Question and challenge in the dispute does not lie in technology. It seems to me that the problem is far deeper. It is not about who copied what (it is clear that the work of Studio Libertiny is older), the problem is the nature of this whole debate.

    Here it seems hypocritical to hold on to the view of intellectual property concept. What is it? Something that has patent marking XYZ recognised by the United Nations or the United Federation of Planet and special Mister Spock, or just an idea in non-american heads? Is this an original art product which is presented here as a work that is valued (with applause) more than others? Libertíny has no monopoly on the technology, but his defense of intellectual property is not oriented in this direction.

    The overall concept seems to resemble Libertiny`s work. There are more similarities than just technical. The idea that in today’s globalised village someone on the opposite side of the planet comes with the same idea, poetry and never heard of similar motifs (for example, the work in MoMA, or Art Basil) is difficult to sustain. I repeat, the problem is not with the technology. The problem is in believing that the vox populi is vox dei.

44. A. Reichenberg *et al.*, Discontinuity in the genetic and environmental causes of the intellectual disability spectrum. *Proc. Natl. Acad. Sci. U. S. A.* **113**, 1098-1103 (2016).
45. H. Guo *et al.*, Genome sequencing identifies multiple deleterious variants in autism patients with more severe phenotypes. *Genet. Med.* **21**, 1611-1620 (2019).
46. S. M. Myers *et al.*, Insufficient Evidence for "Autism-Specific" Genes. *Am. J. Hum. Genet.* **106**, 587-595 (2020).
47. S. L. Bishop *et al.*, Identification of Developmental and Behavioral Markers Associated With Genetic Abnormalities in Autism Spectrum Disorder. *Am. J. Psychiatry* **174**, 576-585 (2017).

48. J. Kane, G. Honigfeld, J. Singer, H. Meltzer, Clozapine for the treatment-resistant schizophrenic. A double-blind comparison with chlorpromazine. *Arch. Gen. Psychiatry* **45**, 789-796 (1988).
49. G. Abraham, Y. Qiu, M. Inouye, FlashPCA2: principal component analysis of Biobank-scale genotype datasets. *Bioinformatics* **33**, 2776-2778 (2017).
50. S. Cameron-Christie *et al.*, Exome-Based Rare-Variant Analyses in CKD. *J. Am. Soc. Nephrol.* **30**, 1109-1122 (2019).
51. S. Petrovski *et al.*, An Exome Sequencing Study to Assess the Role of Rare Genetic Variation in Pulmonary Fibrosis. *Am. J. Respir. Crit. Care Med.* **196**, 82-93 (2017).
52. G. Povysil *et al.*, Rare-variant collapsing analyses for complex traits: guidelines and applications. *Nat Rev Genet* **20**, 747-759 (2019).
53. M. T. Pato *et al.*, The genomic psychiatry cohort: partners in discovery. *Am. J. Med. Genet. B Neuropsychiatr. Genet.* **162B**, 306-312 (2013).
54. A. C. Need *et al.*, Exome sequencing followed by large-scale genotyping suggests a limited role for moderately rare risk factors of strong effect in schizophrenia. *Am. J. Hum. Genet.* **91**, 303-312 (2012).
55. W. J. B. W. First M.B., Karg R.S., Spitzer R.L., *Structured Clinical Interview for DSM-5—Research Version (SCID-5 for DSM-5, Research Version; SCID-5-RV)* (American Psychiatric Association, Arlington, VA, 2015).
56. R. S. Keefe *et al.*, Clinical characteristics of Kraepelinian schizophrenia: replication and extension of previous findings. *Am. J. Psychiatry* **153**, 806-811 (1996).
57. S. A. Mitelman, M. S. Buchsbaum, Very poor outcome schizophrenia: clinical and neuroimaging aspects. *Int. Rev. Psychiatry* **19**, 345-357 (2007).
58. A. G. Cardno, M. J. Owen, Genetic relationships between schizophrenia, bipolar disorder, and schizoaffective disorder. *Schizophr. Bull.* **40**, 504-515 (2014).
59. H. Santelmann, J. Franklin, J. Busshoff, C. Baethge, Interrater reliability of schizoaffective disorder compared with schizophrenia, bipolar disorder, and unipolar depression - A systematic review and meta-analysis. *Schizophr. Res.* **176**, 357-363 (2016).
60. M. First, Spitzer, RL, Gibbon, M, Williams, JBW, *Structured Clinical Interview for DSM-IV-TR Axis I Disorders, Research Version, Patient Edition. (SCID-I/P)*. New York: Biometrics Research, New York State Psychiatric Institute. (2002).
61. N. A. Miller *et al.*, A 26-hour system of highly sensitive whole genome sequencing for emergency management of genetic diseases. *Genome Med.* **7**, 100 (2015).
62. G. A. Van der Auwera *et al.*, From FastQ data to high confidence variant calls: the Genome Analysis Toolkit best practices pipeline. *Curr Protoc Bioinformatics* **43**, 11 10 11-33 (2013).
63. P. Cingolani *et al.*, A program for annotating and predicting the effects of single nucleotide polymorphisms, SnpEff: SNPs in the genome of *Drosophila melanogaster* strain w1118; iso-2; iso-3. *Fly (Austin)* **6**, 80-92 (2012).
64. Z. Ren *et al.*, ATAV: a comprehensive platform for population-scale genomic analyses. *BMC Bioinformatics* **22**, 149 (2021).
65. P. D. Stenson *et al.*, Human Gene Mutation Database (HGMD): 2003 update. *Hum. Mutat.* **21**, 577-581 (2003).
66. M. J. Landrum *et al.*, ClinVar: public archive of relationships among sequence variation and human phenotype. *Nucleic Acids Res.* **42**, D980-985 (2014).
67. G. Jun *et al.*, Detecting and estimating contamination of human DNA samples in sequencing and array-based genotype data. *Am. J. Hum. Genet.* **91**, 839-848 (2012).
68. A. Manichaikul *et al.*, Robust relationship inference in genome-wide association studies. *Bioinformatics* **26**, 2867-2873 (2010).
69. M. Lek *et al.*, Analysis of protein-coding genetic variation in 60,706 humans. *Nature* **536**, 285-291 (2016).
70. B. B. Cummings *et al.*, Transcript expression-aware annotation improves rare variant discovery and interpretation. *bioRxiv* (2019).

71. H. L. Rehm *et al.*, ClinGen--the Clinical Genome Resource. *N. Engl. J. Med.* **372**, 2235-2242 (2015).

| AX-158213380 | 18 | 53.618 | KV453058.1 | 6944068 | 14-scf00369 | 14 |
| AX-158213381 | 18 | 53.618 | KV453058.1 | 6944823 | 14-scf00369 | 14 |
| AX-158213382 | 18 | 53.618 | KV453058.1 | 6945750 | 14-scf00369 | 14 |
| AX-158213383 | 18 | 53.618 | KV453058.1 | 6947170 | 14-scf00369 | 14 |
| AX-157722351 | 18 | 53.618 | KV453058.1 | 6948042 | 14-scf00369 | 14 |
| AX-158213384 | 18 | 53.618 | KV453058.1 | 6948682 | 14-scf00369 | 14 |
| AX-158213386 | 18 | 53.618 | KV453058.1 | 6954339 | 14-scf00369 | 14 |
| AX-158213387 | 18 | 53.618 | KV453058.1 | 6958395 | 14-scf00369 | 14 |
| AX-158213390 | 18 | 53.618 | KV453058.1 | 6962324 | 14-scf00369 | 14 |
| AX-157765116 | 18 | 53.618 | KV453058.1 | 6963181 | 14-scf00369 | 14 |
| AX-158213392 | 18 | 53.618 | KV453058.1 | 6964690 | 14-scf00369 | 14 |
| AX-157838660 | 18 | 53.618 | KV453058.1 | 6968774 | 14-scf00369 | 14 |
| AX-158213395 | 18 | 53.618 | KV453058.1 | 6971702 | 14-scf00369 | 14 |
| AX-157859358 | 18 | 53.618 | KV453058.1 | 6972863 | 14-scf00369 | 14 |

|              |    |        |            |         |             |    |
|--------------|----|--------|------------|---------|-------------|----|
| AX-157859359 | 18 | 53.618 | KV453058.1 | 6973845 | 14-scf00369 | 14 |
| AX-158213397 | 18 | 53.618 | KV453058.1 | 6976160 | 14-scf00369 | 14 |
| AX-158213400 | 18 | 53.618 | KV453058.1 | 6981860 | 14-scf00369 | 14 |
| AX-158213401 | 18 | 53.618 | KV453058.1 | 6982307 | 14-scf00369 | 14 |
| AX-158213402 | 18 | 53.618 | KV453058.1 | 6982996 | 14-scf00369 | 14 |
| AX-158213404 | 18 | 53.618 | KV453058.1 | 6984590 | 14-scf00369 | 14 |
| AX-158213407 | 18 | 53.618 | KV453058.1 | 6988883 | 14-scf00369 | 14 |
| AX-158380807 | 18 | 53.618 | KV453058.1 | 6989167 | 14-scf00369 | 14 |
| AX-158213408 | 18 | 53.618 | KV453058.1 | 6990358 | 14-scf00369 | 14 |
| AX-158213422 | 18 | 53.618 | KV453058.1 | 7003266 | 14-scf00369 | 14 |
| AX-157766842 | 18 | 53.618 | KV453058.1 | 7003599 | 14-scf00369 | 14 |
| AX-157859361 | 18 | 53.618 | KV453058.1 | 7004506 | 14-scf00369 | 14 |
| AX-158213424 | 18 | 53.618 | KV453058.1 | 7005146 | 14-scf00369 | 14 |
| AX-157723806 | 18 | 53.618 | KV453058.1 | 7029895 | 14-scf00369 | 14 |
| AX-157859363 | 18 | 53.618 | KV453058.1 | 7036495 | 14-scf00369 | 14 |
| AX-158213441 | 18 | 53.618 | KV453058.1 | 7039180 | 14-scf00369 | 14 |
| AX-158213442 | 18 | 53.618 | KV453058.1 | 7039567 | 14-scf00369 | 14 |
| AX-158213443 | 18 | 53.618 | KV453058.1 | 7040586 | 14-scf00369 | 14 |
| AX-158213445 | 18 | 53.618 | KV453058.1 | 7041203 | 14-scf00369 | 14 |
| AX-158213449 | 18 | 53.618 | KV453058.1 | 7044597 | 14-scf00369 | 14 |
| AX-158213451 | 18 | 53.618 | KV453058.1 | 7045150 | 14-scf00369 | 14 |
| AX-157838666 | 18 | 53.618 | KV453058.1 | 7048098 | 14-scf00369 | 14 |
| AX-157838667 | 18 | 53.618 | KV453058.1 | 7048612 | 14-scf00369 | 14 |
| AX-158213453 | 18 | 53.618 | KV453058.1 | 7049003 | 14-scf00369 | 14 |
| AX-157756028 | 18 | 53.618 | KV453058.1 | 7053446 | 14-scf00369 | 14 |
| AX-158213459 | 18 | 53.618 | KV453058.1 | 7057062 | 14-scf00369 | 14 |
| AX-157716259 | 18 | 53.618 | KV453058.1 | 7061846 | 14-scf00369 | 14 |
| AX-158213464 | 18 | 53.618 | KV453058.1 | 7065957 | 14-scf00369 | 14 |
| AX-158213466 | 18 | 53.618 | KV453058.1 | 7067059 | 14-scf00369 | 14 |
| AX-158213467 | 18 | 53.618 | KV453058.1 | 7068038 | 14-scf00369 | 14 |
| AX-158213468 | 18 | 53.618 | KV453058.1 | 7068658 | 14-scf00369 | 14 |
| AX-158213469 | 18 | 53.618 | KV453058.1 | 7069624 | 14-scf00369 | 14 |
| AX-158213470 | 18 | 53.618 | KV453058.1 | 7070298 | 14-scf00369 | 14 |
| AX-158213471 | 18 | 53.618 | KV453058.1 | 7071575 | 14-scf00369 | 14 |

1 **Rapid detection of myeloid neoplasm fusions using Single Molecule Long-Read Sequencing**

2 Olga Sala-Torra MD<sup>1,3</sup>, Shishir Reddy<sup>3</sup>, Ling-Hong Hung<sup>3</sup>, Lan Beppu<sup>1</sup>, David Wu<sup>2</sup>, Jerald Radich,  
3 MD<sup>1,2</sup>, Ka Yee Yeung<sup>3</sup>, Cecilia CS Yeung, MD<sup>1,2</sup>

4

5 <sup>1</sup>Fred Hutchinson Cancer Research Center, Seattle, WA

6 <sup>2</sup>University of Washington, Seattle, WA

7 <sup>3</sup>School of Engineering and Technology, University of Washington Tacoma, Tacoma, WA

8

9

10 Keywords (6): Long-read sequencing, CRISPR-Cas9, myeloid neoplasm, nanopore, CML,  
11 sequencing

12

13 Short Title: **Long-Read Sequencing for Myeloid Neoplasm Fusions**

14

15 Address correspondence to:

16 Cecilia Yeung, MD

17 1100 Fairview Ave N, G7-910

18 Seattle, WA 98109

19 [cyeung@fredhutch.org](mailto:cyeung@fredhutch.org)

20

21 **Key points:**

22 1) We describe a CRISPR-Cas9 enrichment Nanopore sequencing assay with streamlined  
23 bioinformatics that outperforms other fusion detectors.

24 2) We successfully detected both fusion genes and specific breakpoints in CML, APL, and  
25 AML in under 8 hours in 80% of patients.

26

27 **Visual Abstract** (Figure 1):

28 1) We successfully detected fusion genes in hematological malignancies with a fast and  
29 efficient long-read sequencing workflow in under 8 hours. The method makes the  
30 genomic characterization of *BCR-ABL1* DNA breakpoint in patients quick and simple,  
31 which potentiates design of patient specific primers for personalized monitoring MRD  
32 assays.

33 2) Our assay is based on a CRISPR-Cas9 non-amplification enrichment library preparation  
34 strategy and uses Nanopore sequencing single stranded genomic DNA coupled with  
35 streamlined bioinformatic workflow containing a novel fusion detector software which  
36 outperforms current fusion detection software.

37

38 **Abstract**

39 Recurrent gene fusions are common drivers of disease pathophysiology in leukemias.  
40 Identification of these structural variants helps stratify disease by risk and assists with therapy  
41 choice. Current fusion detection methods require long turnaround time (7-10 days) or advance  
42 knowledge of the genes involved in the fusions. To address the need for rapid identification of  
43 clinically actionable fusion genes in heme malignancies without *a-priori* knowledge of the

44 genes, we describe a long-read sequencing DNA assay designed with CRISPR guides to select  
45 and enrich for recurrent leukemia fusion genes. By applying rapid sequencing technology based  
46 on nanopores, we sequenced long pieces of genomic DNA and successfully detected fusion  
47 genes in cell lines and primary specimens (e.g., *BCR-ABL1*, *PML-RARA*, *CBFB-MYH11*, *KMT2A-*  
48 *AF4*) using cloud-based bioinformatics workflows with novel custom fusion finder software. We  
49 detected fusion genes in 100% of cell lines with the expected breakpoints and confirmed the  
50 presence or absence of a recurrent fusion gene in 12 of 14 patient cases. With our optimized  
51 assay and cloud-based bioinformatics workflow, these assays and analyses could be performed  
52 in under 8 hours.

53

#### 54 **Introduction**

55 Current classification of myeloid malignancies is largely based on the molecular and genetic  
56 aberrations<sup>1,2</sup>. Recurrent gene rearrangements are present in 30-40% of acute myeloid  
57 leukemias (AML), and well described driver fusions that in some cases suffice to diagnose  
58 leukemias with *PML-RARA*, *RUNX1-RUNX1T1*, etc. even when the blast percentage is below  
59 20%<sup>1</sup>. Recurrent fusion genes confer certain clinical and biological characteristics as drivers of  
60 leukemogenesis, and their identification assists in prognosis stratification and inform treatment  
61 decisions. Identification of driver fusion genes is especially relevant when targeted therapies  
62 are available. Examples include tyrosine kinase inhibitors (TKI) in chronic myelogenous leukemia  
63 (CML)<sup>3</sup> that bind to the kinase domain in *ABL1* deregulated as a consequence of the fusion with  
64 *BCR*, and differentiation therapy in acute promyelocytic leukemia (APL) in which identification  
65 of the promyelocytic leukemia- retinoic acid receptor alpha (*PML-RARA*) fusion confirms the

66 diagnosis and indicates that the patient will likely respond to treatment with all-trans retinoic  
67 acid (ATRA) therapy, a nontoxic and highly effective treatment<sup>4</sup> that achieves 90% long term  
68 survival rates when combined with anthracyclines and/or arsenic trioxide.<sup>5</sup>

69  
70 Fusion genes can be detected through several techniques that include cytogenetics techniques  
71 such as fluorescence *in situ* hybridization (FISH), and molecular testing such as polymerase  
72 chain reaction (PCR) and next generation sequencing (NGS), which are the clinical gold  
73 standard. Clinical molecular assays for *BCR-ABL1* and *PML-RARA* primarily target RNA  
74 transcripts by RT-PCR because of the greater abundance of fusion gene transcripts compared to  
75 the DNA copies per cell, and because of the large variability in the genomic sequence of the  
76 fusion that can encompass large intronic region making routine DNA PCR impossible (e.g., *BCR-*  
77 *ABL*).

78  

I believe that the reaction of Studio Libertiny is not intended to criticise the fact that someone will use for example the same red colour. The critical point is appropriation of originality of something that is long overdue. This is a critical point of contention. That someone is working with bees is great (do it!) Let everyone work with bees (more bees, more honey). However, it is ridiculous to imagine the world with something that was already there and pretend that it had only been discovered.

    In conclusion, I would like to see an alternative world in which this situation is be reversed. How would you serve justice or just professional ethics? In any case, now I understand the meaning of rhetorical figure “Yes we can!”

  • franky

    Actually Libertiny copied this idea from my grandmother, who used to make objects such as heart-shaped candles out of honeycomb beeswax sheets which you can buy in your local craft shop!

  • Lenka

    When I saw the Dewar’s Highlander Honey bottle, I thought it was Studio Libertiny’s work – except for one difference: Libertiny allows the bees to build his forms naturally, which makes each piece totally unique, and Sid Lee might as well have had the bottle 3D-printed. It’s nothing more than a badly copied empty object. Forcing the bees through tubes into a very narrow glass contained space to do their work? Shame on them.

  • Jessica

    Surely it’s the bees intellectual property!